With the great variety of shows centred around looking into the homes of others, Holmes on Homes, Trading Spaces, Divine Design and House Hunters International, my favorite, there is also, thankfully, a lot of classical literature that centre’s on the magnificent homes of others. Sometimes I do find myself picking up a book solely because the cover portrays a magnificent estate and I know when I read the story, I will be transported to elegance I can only read about.

This is why I have decided to list my top 5 books with big houses:

1. The Great Gatsby by F. Scott Fitzgerald

“I believe that on the first night I went to Gatsby’s house I was one of the few guests who had actually been invited. People were not invited–they went there.”

– In my mind I see Gatby’s house as a neo-classical example of architecture in the 1920’s. Click here to get more of a feel for what it would have been furnished with.




2. The Mysteries of Udolpho by Ann Radcliffe

“All without was silent and dark, unless that could be called light, which was only the faint glimmer of the stars, showing imperfectly the outline of the mountains, the western towers of the castle, and the ramparts below where a solitary sentinel was pacing. What an image of repose did this scene present! …in a foreign land – in a remote castle – surrounded by vice and violence…” (Page 97).

– The Castle of Otranto from the novel is a medieval castle and is todays definition of gothic in literature. The house is made to have a spirit of it’s own and a history that surpasses all who live there.


3.  The Female Quixote or The Adventures of Arabella by  Charlotte Lennox

“The Marquis, following the Plan of Life he has laid down, divided his Time between the Company of his Lady, his Liberty, which was large and well furnished, and his Gardens.” (Page 6).

– This novel is an example of the Romantic Period and includes much grander descriptions of homes than the one I was able to find above. The main character Arabella lives like Don Quixoto, having read too many romances, and believes the world to be but a fairy tale.


4.  Dracula by Bram Stoker

“The castle was built on the corner of a great rock, so that on three sides it was quite impregnable, and great windows were placed here…The windows now curtainless, and the yellow  moonlight, flooding in thorugh the diamond panes, enabled one to see even colours, whilst it softended a wealth of dust which lay over all and disguised in some measure the ravages of time and moth.” (Page 55-6).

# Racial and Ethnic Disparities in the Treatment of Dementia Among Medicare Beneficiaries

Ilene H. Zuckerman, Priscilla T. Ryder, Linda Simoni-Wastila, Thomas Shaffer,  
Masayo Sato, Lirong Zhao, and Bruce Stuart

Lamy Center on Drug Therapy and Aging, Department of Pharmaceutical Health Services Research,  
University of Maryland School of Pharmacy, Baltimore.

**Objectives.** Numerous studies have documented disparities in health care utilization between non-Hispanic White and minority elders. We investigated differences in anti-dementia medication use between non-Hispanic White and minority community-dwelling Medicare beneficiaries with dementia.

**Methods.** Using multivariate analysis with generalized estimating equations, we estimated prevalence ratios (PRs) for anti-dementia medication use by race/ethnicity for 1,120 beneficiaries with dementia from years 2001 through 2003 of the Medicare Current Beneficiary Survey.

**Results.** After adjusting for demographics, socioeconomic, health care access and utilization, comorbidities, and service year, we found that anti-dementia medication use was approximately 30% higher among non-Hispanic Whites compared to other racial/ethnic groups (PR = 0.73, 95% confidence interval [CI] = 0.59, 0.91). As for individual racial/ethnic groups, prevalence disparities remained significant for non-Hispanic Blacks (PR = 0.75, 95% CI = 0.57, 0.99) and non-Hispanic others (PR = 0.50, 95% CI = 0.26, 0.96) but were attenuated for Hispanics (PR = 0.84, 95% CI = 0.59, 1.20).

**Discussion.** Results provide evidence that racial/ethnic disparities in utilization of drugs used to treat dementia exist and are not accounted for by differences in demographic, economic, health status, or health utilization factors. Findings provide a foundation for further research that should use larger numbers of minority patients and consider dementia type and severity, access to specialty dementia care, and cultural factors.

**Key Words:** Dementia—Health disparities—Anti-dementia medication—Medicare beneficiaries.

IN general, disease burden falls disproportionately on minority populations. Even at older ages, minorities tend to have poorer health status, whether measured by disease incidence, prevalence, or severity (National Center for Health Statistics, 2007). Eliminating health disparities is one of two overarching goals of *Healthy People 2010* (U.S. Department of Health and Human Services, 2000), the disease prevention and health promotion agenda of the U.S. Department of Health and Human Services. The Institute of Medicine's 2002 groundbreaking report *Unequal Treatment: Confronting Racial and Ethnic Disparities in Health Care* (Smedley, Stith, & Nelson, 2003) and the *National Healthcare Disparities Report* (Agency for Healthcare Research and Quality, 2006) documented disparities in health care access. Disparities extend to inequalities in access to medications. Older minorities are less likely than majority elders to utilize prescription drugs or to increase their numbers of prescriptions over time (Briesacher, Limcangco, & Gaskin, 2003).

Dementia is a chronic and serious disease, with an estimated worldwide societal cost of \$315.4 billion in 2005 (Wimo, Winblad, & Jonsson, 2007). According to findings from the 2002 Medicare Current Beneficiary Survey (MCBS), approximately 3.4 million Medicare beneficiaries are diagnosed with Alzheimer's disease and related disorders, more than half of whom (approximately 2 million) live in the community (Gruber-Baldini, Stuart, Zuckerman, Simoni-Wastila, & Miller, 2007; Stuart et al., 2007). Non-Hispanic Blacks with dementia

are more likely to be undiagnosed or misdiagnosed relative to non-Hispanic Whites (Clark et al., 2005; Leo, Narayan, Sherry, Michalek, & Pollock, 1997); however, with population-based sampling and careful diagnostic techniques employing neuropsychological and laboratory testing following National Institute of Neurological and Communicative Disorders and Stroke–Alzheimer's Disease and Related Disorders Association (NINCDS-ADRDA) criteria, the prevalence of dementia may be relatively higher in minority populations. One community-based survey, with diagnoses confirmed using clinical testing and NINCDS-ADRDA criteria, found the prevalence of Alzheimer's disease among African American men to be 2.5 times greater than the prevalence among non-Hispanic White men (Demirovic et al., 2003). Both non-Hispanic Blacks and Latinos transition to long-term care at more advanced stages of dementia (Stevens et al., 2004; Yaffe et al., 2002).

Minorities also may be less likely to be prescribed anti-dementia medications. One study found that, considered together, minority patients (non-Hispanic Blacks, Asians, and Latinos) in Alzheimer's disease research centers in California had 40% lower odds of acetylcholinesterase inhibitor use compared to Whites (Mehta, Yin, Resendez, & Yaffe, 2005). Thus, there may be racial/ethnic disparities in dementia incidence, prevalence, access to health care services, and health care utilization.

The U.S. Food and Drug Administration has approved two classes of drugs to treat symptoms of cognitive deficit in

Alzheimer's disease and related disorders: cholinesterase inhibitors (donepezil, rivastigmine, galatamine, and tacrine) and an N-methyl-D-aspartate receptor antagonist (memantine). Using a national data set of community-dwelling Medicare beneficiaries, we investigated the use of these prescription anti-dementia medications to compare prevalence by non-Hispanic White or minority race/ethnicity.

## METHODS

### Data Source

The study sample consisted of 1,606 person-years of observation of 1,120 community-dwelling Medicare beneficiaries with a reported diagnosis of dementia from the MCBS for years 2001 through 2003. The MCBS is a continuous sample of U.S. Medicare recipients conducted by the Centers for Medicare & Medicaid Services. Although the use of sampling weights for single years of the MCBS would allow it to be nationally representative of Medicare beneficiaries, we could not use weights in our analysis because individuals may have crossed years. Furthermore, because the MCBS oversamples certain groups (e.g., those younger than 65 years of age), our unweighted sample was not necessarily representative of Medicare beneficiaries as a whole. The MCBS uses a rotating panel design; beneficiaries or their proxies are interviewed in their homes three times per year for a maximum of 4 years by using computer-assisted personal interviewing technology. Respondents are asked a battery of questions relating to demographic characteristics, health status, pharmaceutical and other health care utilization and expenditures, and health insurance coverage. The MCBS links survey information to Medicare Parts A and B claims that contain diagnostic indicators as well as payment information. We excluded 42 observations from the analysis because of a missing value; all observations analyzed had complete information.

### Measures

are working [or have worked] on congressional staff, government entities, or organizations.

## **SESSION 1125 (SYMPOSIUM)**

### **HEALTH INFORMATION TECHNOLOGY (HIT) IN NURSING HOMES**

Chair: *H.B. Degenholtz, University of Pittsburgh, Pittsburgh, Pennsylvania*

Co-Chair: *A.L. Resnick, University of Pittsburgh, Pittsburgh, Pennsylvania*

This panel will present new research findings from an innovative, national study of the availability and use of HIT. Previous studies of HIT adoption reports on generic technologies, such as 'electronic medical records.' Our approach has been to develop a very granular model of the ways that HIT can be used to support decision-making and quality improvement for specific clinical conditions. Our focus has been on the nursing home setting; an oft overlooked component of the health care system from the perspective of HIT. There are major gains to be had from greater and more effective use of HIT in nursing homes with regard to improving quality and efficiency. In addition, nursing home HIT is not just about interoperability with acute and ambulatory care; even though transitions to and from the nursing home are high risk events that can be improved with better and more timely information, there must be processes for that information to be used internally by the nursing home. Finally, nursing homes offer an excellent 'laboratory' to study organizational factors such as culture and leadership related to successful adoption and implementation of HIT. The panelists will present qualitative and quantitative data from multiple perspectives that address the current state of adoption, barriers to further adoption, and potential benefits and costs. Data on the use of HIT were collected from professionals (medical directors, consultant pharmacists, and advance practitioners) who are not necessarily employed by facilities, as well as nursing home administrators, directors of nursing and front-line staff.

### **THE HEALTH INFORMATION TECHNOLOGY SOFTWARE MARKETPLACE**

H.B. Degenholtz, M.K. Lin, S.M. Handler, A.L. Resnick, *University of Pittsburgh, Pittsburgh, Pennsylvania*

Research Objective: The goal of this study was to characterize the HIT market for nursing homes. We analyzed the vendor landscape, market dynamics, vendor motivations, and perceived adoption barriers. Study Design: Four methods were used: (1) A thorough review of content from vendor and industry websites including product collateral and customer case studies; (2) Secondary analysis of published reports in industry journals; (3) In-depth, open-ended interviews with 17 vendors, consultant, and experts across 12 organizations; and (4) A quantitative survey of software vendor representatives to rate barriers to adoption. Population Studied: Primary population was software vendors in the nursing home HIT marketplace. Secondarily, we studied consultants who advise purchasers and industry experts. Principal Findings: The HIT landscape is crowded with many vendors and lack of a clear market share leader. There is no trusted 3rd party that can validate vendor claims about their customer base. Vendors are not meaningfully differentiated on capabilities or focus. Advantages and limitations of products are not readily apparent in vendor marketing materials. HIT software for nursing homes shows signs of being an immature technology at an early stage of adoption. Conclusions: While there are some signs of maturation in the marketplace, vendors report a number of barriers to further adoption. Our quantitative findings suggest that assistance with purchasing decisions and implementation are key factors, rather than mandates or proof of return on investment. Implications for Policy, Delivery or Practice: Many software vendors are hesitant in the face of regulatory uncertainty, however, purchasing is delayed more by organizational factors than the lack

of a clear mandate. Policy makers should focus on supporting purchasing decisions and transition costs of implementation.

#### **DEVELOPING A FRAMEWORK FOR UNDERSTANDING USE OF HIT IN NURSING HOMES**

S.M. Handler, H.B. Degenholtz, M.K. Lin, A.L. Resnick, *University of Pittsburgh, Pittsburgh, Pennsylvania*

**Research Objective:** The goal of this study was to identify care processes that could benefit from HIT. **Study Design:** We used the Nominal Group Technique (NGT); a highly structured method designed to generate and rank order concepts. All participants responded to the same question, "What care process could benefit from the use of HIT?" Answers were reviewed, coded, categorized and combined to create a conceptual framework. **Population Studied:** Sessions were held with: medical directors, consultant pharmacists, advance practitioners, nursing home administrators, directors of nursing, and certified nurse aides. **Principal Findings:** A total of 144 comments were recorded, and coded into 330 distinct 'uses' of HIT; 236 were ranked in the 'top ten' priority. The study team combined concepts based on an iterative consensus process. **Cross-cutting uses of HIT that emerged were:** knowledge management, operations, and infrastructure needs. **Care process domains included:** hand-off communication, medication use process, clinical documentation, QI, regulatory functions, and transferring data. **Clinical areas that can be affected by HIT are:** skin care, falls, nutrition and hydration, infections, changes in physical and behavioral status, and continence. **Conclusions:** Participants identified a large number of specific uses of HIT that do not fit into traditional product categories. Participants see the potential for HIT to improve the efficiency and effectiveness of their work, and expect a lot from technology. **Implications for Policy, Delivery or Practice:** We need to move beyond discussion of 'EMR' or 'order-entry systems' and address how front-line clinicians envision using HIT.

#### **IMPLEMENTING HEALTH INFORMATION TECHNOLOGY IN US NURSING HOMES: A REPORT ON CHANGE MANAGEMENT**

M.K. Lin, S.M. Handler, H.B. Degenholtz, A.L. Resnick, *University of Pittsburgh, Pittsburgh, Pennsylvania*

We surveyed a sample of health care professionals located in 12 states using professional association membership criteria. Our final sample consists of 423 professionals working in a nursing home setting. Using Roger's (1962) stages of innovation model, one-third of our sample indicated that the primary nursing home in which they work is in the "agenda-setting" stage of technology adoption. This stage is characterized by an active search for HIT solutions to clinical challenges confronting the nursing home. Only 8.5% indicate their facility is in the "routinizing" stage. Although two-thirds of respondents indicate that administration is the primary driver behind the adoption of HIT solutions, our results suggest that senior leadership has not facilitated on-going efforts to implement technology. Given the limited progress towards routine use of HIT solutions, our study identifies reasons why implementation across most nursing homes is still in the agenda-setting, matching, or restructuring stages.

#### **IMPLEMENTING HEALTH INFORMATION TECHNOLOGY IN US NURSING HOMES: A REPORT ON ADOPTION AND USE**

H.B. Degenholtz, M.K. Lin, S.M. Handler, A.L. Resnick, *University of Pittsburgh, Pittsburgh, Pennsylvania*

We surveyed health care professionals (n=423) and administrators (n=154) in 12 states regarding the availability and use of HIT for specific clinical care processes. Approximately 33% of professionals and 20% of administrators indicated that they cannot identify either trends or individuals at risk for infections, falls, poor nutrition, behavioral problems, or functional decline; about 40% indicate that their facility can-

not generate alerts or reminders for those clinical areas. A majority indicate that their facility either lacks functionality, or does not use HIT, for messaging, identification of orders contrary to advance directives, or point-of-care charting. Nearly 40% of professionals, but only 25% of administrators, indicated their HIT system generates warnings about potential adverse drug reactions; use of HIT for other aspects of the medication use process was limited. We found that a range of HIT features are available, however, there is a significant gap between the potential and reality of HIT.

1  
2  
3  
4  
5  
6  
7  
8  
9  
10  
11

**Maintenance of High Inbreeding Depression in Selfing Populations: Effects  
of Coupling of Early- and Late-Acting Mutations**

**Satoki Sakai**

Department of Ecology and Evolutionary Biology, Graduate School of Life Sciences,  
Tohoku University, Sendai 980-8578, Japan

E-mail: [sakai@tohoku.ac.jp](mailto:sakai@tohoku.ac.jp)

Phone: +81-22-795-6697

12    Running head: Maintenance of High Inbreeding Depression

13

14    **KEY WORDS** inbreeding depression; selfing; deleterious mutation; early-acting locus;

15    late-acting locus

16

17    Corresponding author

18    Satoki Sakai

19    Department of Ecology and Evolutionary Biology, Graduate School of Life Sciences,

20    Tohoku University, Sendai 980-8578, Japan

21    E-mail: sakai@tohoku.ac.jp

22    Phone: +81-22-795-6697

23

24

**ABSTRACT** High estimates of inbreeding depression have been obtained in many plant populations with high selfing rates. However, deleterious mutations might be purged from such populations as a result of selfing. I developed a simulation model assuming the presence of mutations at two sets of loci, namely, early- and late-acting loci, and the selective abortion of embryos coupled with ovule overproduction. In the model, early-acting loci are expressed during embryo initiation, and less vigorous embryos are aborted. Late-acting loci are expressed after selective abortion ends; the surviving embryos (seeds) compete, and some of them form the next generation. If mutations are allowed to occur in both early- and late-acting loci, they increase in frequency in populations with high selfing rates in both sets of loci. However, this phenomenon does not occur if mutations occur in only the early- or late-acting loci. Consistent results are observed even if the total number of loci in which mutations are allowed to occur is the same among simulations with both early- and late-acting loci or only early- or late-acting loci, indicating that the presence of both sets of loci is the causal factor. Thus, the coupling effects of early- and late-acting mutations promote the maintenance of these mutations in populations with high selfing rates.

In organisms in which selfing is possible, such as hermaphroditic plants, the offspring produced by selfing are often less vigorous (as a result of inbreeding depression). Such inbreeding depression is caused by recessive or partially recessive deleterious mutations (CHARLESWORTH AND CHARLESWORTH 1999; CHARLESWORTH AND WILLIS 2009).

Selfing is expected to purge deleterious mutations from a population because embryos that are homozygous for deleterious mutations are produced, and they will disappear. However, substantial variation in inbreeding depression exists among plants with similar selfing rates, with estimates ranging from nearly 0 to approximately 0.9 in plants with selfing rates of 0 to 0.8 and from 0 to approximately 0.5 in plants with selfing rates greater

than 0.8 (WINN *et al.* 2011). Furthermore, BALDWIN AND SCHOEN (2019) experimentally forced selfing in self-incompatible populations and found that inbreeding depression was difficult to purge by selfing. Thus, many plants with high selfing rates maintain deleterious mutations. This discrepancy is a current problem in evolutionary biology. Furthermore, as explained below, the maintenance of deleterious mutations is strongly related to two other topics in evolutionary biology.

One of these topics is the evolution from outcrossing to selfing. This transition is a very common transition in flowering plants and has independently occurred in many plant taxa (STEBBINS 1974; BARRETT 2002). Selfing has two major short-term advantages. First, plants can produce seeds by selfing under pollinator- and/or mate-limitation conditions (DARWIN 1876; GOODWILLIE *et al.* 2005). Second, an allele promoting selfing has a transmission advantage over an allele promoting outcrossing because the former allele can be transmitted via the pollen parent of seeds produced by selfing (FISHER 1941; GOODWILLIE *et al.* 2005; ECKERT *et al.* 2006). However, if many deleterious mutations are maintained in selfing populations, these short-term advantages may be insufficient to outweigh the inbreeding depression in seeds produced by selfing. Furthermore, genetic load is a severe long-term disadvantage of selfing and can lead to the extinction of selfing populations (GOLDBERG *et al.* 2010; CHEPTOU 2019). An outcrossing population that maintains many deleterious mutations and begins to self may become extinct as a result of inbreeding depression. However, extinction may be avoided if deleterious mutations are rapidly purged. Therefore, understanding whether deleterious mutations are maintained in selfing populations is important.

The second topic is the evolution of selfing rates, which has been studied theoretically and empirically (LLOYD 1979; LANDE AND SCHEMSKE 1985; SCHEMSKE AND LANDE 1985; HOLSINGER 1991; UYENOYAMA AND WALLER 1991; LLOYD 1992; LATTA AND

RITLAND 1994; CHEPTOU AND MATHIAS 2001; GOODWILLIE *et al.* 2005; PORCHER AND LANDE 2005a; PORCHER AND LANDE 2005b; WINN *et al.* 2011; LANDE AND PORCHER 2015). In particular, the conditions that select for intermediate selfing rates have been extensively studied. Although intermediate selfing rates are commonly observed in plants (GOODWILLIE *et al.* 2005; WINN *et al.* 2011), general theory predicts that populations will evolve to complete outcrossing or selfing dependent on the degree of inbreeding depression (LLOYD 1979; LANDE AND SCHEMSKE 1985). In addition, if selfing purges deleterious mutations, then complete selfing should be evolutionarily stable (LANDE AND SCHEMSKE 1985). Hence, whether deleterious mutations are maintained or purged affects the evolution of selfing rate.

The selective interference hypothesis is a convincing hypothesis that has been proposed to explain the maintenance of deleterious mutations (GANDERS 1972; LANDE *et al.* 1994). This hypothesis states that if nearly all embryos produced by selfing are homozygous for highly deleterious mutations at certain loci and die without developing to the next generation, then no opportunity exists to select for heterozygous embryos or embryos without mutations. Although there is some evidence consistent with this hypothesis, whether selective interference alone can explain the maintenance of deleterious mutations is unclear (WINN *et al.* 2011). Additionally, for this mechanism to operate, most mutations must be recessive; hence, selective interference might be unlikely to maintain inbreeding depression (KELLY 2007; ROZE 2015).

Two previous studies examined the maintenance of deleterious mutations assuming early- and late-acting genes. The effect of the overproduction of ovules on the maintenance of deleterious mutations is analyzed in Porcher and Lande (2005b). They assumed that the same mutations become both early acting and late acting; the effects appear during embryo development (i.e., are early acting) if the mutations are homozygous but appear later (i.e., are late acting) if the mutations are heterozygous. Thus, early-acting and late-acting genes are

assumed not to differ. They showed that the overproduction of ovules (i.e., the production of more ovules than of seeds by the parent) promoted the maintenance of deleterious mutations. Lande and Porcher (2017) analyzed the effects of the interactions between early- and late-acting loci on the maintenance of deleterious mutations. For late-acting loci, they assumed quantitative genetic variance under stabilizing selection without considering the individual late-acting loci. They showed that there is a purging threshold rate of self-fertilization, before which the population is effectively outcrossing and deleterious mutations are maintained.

– Stoker describes Dracula’s castle in great detail, perhaps because he was inspired when visiting this real-life castle in Transylvania. This 700-year-old castle thankfully haunted Stoker’s mind and the result, one of the most popular gothic tales of all time.


And for the finale…

5.  Against Nature (À rebours) by J.K. Huysmans

“This dining-room resembled a ship’s cabin, with its ceiling of arched beams, its bulkheads and floorboards of pitch-pine, and the little window-opening let into the wainscoting like a porthole. (page 19). …By these means he was able to enjoy quickly, almost simultaneously, all the sensations of a long sea-voyage, without ever leaving home;” (page 21).

– I recommend anyone who is in design to seriously think of reading this. The main character Jean Des Esseintes is a rich man in Paris who shuts himself away in his house, which mimics many different atmospheres, such as the description of traveling on a ship above. The novel is titled Against Nature because Esseintes mimics nature, fooling his senses to think he is exerperiencing something authentic. I would love to see someone design the home he describes, because it really is a masterpiece.


Any recommendations?

Book of the Month Clutch

Don’t be fooled, these are not your average classic books.

Kate Spade has introduced her Book of the Month Clutch bag series. There are only three ‘books’ in the series and each boasts as being a mini work of art. They are crafted with hand drawn elements and colourful collage, including spine and back cover with back cover copy.

If you leave this purse unattended at your next event, it might just be mistaken for the book it masquerades.

I personally don’t like the cover art they chose to depict these classics, but what do you think?  Also, at 325$ a purse, I unfortunately won’t be sporting one of my favorite classics, The Great Gatsby, anytime soon.

The Great Gatsby by F. Scott Fitzgerald

The Great Gatsby, F. Scott Fitzgerald

(click on this picture to get full size and use as your desktop background!)

First Impressions: Fitzgerald’s most famous novel, The Great Gatsby, was first published in 1925 (85 years ago!). The first time I tried to read this book (when I was 12) I could not get through it. Later I learn’t in a Modernism class that this was because its structure attempts to diverge from the classic structure of a novel. However, once I learnt the literary ways of the 1920’s, the book became a depiction of everything I thought the roaring twenties to be.  Not only did it define an iconic time in history, it was well written and is constantly assigned in school classrooms around the world. This book is short, and its structure is as tight as a short story: a definite recommend to read!

Short Plot Summary: This novel captures the disillusion of post-war America and the moral failure of a society obsessed with wealth and status. It chronicles Gatsby’s tragic pursuit of the American Dream, chronicalling the tale of reality vs. illusion.

Something to think about:
–         F in F. Scott Fitzgerald stands for Francis (born September 24, 1896). Francis was a name taken from his relative, Francis Scott Key, who wrote, “Star Spangled Banner.”
–         Fitzgerald’s life is closely paralleled to Gatsby’s.  He achieves the American dream, becomes engrossed in parties and decadence, marries a beautiful woman who ruins him, and dies an early death (heart attack at the age of 44).

–  The Great Gatsby (1926), directed by Herbert Brenon (have not seen this one yet, anyone have advice of where to watch, let me know!)
The Great Gatsby (1949), directed by Elliott Nugent (have not seen this one
either, if anyone has advice of where to watch, let me know!)
The Great Gatsby (1974), directed by Jack Clayton (stays true to plot and
Narrative; definite recommended watch if you loved the book).

The Great Gatsby (2000), directed by Robert Markowitz (made for TV).